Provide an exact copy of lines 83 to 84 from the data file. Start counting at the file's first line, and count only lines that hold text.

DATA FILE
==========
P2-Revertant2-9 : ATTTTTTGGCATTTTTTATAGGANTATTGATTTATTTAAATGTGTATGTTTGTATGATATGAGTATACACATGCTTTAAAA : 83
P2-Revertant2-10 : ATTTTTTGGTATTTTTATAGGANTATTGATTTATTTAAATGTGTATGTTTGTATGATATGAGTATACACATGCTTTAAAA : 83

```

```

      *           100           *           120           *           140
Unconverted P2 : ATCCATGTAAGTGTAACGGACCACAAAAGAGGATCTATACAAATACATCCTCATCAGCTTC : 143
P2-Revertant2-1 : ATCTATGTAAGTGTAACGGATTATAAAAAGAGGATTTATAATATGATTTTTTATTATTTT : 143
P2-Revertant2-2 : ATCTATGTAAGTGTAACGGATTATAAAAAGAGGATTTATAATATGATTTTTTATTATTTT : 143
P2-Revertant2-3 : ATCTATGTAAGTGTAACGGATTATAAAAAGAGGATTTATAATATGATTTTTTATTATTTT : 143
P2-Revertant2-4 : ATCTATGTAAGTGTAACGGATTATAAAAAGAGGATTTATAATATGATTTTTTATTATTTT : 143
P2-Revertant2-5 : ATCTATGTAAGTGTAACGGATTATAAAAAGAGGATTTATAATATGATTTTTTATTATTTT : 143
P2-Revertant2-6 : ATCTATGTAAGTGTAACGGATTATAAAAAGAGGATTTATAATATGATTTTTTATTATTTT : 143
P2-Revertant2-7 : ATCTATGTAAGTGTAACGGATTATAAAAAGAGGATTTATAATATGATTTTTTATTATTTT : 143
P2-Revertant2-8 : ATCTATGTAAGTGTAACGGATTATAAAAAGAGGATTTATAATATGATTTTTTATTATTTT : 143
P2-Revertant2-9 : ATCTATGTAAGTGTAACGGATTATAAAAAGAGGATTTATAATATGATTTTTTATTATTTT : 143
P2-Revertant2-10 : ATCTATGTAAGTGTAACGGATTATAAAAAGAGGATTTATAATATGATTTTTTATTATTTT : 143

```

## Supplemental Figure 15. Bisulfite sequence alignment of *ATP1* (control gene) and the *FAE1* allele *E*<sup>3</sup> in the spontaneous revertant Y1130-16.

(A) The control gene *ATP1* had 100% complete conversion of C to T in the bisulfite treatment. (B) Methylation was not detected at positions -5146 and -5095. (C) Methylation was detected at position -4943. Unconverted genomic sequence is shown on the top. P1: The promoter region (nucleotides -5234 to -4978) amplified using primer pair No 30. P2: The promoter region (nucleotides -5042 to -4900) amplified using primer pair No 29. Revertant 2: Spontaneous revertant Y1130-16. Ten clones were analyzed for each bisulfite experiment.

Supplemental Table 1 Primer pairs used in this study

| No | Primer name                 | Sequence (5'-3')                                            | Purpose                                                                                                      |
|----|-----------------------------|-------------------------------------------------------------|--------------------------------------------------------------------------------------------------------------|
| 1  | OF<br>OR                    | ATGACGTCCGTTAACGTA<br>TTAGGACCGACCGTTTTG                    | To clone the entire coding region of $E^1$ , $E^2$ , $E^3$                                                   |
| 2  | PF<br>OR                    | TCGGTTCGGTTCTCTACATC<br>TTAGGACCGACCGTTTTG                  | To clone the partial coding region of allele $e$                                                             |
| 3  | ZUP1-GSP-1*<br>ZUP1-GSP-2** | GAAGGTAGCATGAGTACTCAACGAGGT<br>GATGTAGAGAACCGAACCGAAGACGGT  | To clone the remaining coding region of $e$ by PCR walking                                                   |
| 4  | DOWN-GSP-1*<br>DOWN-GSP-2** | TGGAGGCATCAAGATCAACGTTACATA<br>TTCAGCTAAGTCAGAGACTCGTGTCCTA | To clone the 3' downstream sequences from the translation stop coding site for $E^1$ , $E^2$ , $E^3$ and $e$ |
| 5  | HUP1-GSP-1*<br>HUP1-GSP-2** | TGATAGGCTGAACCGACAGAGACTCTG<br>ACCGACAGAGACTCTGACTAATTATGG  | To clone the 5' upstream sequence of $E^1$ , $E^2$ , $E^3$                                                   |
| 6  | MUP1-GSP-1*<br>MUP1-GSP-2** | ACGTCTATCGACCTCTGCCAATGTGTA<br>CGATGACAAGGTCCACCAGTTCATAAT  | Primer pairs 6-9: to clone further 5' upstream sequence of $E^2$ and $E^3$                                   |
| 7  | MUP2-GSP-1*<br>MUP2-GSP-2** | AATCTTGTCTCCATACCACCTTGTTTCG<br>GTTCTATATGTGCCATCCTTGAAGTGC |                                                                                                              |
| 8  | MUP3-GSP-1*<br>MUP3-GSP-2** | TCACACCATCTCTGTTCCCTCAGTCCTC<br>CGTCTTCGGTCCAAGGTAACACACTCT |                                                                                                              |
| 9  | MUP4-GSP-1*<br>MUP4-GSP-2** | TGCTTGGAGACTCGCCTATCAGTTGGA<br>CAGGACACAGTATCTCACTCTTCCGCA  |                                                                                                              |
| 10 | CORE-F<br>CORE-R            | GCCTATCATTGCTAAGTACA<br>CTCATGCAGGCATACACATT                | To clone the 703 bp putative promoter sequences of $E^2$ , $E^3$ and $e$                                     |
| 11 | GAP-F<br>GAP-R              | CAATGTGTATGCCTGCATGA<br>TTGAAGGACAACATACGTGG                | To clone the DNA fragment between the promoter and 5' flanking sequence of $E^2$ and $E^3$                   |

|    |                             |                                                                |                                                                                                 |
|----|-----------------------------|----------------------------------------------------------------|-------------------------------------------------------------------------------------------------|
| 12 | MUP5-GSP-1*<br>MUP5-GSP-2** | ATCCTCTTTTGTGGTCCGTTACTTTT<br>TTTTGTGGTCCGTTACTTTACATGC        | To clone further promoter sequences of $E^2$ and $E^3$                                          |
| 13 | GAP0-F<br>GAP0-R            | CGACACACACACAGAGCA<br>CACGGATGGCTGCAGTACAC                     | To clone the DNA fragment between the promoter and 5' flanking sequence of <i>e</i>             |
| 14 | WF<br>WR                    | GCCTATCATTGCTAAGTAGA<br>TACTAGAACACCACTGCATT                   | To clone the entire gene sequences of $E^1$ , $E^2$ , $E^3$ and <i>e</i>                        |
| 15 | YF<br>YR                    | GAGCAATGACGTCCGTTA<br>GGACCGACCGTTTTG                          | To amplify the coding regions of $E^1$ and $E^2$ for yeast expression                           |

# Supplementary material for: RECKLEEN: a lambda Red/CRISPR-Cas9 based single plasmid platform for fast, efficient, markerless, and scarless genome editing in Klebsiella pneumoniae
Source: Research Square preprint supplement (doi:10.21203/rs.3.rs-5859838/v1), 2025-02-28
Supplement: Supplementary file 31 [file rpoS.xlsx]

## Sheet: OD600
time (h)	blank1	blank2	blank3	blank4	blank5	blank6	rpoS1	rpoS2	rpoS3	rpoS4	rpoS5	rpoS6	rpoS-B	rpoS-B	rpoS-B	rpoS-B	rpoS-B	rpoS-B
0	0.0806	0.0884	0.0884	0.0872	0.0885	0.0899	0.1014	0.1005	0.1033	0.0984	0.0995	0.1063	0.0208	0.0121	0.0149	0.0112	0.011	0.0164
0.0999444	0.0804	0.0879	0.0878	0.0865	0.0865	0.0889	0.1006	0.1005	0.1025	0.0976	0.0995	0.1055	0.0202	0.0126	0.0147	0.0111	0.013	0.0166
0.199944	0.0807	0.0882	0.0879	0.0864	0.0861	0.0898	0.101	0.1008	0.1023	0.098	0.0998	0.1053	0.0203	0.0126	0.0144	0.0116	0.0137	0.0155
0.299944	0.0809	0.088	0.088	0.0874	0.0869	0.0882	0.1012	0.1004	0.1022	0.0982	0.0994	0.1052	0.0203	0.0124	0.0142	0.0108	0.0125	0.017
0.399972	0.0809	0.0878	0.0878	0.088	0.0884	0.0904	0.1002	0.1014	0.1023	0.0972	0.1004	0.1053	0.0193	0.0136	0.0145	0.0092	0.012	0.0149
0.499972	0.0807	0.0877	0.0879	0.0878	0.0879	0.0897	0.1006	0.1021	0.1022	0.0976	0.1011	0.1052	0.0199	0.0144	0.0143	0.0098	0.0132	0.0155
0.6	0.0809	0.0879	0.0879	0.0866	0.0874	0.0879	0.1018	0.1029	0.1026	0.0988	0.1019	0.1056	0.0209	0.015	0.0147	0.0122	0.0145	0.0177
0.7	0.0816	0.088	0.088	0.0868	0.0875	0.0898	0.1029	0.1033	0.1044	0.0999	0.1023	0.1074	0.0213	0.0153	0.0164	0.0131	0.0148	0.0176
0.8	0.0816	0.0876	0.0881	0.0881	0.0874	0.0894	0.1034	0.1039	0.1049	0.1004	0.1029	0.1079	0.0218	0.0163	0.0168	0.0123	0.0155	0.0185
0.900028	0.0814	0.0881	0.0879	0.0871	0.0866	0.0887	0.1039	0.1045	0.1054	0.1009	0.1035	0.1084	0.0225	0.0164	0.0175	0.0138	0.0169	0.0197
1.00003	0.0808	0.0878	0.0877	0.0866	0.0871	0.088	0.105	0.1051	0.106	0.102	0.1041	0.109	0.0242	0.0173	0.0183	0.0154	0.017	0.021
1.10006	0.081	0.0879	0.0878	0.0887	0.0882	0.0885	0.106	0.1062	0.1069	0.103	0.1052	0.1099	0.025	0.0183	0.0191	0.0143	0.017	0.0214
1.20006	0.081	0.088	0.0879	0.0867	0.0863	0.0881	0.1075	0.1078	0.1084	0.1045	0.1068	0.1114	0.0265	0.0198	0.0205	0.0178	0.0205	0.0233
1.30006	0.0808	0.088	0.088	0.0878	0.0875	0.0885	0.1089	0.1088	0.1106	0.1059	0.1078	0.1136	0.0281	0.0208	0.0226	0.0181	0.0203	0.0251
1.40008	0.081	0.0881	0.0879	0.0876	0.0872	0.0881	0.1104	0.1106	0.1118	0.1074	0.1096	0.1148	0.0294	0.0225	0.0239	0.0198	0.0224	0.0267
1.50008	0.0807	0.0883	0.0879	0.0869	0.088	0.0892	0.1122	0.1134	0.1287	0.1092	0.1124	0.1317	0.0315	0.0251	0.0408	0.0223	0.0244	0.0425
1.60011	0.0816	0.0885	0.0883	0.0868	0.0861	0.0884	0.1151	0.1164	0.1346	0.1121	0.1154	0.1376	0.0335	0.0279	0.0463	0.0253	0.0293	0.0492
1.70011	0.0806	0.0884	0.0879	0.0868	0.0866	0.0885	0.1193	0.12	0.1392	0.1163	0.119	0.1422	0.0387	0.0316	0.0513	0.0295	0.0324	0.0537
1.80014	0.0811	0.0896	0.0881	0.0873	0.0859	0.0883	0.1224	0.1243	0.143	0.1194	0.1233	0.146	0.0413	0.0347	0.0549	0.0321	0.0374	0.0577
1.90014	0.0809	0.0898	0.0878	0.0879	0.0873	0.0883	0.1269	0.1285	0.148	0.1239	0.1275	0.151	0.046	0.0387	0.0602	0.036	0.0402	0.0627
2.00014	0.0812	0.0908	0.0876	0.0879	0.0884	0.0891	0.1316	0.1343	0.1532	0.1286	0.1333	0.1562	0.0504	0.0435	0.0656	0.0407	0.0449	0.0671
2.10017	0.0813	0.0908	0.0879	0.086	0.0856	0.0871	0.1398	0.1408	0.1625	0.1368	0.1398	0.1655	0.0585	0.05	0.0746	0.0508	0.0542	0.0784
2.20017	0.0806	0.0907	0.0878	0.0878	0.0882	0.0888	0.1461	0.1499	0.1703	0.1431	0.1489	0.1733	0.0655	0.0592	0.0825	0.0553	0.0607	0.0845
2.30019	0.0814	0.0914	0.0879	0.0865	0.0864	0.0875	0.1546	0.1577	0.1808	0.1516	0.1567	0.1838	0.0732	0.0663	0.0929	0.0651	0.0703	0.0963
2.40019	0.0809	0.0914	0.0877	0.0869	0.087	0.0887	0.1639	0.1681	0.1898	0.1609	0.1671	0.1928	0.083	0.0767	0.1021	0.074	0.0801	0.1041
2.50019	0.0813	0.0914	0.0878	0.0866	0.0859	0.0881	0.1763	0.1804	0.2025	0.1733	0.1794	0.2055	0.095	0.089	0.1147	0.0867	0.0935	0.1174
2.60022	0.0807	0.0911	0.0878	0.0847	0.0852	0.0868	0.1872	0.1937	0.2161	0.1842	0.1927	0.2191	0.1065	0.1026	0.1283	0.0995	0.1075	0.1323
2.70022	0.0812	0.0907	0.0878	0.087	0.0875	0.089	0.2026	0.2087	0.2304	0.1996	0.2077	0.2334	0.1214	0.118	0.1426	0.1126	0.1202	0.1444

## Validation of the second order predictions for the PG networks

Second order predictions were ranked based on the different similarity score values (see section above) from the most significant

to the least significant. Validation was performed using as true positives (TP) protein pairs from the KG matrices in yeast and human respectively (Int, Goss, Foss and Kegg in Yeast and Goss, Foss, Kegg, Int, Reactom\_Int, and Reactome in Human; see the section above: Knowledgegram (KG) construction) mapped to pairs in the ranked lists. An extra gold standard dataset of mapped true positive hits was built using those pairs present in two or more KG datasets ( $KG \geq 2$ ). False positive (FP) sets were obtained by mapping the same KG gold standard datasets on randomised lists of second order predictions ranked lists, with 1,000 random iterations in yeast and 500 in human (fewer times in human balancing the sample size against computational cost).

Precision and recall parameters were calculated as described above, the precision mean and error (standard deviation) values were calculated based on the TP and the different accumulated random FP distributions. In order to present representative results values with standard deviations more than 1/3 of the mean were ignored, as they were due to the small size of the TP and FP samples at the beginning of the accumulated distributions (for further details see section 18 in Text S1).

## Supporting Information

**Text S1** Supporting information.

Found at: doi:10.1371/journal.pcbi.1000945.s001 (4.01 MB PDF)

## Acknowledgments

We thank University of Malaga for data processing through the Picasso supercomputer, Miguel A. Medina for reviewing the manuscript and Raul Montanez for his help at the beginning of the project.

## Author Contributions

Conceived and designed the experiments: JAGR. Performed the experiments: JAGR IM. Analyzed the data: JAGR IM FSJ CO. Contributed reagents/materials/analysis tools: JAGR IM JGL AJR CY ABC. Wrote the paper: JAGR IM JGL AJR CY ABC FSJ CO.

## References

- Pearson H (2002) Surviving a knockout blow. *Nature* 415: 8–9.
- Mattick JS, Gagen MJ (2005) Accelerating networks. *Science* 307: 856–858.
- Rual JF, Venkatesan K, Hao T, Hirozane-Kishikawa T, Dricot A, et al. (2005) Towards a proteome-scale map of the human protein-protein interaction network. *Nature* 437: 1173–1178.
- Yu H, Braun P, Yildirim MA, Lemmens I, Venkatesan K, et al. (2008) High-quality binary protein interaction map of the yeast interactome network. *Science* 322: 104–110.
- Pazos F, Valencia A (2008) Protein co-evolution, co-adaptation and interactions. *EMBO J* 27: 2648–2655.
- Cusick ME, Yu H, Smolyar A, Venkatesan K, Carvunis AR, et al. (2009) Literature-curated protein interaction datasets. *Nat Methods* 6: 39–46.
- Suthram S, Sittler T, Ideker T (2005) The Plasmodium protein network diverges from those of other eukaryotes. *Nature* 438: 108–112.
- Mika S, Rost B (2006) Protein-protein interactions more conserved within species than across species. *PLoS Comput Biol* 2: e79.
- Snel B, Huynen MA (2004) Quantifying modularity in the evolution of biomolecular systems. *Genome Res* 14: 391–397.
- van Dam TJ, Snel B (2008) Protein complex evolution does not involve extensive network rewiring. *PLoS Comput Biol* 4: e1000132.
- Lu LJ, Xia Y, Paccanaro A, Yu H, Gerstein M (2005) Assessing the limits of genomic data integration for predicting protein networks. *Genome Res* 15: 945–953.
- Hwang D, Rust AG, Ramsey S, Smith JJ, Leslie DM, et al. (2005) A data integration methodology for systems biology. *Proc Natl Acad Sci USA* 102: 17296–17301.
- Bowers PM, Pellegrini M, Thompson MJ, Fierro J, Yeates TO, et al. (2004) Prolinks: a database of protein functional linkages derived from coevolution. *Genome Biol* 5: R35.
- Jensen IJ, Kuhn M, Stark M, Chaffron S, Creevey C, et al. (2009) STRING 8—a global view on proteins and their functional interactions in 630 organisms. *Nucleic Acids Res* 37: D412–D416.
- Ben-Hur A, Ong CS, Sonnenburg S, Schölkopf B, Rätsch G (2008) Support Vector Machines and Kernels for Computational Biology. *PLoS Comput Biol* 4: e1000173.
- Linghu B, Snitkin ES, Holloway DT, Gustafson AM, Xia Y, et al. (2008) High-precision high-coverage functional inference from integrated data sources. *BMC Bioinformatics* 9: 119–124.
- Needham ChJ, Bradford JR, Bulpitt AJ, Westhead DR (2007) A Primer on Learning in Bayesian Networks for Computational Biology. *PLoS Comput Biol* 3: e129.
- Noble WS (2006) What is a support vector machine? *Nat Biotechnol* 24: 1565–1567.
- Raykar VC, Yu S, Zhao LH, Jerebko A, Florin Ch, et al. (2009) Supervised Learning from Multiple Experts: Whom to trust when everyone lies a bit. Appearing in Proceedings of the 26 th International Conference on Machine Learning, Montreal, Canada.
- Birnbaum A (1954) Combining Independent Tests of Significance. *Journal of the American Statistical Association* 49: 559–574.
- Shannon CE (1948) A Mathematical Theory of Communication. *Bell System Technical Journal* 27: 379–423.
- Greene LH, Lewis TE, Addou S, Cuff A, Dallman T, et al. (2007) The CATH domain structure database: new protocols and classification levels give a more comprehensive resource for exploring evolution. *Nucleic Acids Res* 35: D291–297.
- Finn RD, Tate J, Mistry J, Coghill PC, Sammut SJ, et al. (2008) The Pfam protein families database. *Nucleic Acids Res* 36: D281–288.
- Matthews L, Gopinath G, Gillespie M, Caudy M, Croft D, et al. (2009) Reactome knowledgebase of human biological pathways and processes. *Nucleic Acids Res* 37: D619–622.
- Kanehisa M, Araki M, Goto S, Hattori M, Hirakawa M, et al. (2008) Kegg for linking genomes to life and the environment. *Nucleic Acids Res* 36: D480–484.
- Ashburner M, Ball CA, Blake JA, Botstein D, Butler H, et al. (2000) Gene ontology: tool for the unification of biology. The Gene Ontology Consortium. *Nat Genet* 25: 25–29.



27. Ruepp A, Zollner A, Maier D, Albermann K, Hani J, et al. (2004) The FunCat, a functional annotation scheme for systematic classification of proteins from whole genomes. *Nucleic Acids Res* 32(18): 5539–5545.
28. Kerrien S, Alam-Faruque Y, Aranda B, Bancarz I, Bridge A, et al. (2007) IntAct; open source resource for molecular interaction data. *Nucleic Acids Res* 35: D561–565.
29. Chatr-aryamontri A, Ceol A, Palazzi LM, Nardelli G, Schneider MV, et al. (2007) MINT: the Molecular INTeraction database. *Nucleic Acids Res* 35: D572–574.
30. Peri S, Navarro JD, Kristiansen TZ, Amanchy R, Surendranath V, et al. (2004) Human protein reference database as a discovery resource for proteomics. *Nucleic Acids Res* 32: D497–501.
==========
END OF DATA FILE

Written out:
Conceived and designed the experiments: JAGR. Performed the experiments: JAGR IM. Analyzed the data: JAGR IM FSJ CO. Contributed reagents/materials/analysis tools: JAGR IM JGL AJR CY ABC. Wrote the paper: JAGR IM JGL AJR CY ABC FSJ CO.

## References